Handwork plays an integral role in child development at Minnesota Waldorf School. This unique subject class begins in first grade and continues on through 8th grade, strengthening concentration skills, hand eye coordination, and balance all while developing the joy of the creative process. We are so proud of the talented busy hands at Minnesota Waldorf School and their teacher Joyce Olson-Kapell. Get to know Joyce or Ms. Kapell as your children know her, and learn more about the MWS handwork curriculum.
What do you teach?
Handwork and woodwork for 1st through 8th grades
How did you end up teaching handwork and woodwork at MWS?
My commitment to Waldorf education started when my son started preschool in a Waldorf school. I fell in love with the curriculum and teaching method so I went to Sunbridge Institute, where I went through the grades teacher training. I taught in various capacities at City of Lakes and worked in the school store and at their holiday fair. Along with some other parents, we opened a store called Wonderment in Linden Hills, which expanded to a second location on Grand Avenue in St. Paul. In addition to selling Waldorf
inspired toys and materials, we offered craft classes and birthday parties, as well as a summer camp program. With the economic downturn in 2008, we sadly had to close the stores. I continued offering classes and summer camp in my own studio space. When the handwork position opened at Minnesota Waldorf School six or seven years ago, I applied. This is a great school and I truly love teaching the children. I want to tell everyone what a great place this is!
Growing up, making things was our family culture. When my son started preschool, I was inspired by the beautiful handwork. Handwork is one of my favorite things, and to do this with children is the best. I have the best job in the school!
When do children start learning handwork and woodworking?
In first grade, the children begin by learning how to knit. By eighth grade, they know how to knit, crochet, wet felt, cross stitch and sew. The children start woodworking in fifth grade when they carve a human form out of basswood with a whittling knife. It is hard work and the finished projects are beautiful.
How does handwork support the curriculum?
Handwork supports the curriculum in so many ways! The most obvious and important one is the development of the will. For example, in fourth grade, the children learn to cross stitch. They start with planning the design at the beginning of the year and they work and work at hundreds of tiny stitches until their project is finished. This might take all year. It teaches them to focus and concentrate over the course of many months to finally have this completed and beautiful project. It teaches that everything that is worth doing takes consistent effort. This is an exercise in the will that the children will use throughout their life.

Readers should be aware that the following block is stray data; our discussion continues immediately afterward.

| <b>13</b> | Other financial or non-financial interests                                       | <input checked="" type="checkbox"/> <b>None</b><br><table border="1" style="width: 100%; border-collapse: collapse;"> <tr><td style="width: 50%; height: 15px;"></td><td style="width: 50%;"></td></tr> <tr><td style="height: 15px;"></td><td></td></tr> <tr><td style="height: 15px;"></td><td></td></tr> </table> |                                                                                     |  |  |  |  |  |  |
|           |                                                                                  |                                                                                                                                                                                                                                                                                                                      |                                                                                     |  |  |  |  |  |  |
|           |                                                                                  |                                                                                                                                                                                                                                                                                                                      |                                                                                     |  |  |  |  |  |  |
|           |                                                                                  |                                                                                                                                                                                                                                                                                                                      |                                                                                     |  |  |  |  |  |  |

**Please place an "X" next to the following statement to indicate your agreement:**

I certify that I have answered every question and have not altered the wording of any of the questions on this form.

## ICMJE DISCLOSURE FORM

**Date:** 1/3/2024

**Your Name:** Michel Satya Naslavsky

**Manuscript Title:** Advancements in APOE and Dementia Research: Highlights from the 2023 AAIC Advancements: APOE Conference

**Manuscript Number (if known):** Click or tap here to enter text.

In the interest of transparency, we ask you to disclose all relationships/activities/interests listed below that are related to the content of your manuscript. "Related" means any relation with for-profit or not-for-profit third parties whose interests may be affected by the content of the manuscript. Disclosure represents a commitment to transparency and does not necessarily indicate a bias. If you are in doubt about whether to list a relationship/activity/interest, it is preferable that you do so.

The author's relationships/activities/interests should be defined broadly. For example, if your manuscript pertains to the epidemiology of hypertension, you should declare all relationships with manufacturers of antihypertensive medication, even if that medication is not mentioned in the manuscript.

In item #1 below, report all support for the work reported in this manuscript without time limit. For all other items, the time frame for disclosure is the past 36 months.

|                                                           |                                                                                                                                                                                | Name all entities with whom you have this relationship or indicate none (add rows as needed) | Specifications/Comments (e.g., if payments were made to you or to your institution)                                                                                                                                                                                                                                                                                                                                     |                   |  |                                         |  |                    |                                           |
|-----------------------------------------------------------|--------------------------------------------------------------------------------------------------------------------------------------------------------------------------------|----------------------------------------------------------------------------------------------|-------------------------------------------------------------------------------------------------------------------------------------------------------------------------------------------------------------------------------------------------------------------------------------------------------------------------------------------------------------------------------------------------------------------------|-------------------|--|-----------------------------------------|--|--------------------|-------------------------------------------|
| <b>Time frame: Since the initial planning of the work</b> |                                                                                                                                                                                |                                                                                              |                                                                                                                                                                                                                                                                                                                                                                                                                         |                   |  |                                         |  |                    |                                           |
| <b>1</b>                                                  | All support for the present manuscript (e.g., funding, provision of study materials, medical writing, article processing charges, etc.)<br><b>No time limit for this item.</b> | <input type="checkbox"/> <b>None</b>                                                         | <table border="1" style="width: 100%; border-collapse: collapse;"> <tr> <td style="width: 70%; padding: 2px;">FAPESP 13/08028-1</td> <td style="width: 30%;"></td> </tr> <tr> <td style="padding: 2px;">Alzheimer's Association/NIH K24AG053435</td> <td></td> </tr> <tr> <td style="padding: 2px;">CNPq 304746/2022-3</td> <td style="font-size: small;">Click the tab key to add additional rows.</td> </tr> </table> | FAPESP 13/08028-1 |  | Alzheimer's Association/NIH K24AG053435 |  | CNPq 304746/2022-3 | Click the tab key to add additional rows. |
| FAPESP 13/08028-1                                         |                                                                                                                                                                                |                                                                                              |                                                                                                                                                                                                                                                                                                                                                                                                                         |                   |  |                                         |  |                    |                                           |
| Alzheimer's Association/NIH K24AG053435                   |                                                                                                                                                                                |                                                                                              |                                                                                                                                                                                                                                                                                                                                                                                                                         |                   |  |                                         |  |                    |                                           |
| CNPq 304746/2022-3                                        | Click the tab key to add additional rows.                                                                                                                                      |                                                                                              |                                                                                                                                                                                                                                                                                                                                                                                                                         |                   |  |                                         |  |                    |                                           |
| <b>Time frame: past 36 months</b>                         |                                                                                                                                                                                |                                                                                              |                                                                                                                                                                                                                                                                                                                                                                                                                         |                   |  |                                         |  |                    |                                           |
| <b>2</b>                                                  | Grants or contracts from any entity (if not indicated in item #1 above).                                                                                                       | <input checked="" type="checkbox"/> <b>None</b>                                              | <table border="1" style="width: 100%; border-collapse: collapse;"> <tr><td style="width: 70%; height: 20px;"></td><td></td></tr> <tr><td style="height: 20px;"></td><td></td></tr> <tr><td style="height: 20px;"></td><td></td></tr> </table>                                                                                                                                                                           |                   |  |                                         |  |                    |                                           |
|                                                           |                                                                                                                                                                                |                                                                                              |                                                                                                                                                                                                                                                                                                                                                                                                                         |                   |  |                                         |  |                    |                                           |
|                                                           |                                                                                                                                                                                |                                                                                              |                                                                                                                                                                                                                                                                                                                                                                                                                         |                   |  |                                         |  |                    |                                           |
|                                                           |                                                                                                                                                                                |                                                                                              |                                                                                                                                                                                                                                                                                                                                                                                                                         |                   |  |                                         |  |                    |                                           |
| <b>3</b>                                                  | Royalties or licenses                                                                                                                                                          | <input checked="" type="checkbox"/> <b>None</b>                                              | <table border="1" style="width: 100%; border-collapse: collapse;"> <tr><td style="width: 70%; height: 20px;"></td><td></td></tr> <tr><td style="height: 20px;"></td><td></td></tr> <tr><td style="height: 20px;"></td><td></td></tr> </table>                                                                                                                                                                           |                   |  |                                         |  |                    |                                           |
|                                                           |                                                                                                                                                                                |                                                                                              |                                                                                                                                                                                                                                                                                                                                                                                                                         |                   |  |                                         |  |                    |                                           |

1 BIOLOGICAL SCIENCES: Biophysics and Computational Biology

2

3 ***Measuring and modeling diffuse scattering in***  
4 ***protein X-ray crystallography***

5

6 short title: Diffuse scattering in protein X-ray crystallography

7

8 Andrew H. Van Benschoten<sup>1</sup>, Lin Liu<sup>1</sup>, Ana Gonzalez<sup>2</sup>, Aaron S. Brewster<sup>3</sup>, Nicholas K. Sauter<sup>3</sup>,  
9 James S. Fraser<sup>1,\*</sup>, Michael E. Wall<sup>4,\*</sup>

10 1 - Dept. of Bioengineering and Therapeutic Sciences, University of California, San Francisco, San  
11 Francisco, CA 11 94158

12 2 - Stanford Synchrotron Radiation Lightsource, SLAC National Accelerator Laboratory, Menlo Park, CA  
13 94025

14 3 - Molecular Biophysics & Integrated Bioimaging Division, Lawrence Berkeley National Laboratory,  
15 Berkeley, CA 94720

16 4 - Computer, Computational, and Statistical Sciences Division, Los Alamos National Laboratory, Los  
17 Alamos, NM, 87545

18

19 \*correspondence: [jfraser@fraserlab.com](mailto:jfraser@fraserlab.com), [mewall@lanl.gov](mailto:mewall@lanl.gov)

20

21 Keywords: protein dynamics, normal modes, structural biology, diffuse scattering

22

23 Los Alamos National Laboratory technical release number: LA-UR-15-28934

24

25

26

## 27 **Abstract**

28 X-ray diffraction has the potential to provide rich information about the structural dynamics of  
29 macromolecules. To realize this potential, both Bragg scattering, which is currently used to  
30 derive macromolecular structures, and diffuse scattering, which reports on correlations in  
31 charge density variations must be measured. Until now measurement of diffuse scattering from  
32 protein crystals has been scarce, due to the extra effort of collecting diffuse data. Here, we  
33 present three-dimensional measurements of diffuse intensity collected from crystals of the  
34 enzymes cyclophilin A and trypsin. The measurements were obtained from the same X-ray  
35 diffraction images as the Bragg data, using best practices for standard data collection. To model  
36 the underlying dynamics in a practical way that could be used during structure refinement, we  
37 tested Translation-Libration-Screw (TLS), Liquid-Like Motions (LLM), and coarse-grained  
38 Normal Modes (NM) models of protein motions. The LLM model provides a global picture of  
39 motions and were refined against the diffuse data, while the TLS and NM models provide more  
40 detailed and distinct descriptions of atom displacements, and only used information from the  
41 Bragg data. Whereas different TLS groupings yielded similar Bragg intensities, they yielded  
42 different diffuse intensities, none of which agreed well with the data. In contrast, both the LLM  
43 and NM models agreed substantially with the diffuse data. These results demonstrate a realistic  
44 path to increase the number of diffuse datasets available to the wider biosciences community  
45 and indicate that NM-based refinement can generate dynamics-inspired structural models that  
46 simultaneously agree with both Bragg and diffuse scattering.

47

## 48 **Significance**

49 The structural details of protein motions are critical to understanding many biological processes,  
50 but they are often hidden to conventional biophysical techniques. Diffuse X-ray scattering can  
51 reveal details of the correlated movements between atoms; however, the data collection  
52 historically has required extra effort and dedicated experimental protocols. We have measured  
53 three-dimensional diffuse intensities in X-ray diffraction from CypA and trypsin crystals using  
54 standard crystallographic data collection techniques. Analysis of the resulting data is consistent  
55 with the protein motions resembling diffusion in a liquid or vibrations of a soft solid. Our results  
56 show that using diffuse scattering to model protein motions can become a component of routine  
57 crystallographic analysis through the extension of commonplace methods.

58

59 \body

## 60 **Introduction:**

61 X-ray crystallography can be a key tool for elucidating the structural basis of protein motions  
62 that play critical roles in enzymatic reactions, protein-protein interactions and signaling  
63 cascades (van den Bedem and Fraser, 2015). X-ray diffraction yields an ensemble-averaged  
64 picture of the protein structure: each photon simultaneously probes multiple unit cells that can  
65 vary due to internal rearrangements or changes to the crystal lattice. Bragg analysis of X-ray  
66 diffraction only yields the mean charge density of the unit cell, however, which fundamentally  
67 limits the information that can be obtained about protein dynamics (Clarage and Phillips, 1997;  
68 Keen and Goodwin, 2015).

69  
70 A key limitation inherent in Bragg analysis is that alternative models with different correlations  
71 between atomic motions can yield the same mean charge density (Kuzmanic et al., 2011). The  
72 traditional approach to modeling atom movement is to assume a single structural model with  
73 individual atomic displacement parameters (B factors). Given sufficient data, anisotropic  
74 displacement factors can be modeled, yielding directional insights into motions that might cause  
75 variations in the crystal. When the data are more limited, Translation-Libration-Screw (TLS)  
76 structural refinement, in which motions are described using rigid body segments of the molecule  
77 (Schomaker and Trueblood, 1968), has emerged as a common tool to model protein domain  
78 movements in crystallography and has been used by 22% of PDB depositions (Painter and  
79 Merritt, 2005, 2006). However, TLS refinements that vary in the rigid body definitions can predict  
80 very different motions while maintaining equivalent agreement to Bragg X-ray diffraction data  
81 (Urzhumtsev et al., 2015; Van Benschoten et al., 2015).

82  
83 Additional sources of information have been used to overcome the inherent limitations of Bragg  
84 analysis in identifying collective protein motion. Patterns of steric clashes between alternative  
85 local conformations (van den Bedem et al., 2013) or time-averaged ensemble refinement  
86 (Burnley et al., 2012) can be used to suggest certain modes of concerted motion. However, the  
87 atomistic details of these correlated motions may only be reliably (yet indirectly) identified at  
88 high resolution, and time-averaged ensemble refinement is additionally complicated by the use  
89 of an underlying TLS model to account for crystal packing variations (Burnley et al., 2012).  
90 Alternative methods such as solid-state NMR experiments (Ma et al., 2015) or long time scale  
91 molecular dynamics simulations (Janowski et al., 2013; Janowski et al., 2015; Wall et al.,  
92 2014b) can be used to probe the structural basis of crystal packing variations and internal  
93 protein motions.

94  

There are so many other benefits. In first grade, the children learn how to knit. This supports dexterity and eye tracking from left to right, which translates to reading and writing. Handwork supports development of the children’s twelve senses that Steiner talks about. We use natural materials because there are variations in color and texture that help sensitize sight and feeling in the fingertips. They cross the midline in knitting and cross stitching, which helps activate the left and right sides of the brain. Handwork involves math skills as the children count stitches.
What life lessons does handwork teach?
Children gain self-esteem and confidence when they see that they can make something beautiful and useful with their own hands. This is even more important in today’s age of technology where you can push a button and have instant gratification. I think of handwork as an antidote to that. Rather than being passive, the children actively create something with natural materials, which instills confidence and pride in what they can accomplish. I recall a child who started at MWS in 5th grade, which is when the children learn how to knit socks. The child had to start by learning to knit on two needles, which was really hard for him. By the end of the year, he finished the socks. To see his face and how proud he was of himself, it was truly beautiful.
If you could pass any wisdom to parents, what would you share?
Put real tools in the children’s hands and give them real skills. I’ve always felt empowered, mostly because of my dad. He would give us tools, show us how to use them and let us go. He trusted us and our abilities, which was empowering. I can rewire a light fixture and replace the faucet. Doing these things isn’t the purview of the experts. We as human beings can learn anything. It’s empowering for children to know they can learn to do things. In handwork at MWS, children in seventh and eighth grade have the confidence to take on a project and run with it because they’ve been given the tools and skills.
If you could be a student in any other teacher’s class for a day, which would you pick and why?
I would love to be in Mr. Harris’s class learning the circus arts, the trapeze and the rings. He is such a fun teacher and has a great energy. I am so happy we have him at MWS.
What is your favorite handwork to do yourself?
Wet felting is my favorite. You’re creating something out of wool fluff and you can make these beautiful things in a short amount of time, which is perfect when life is busy. I often make wet felted slippers for holiday gifts. I also love woodworking.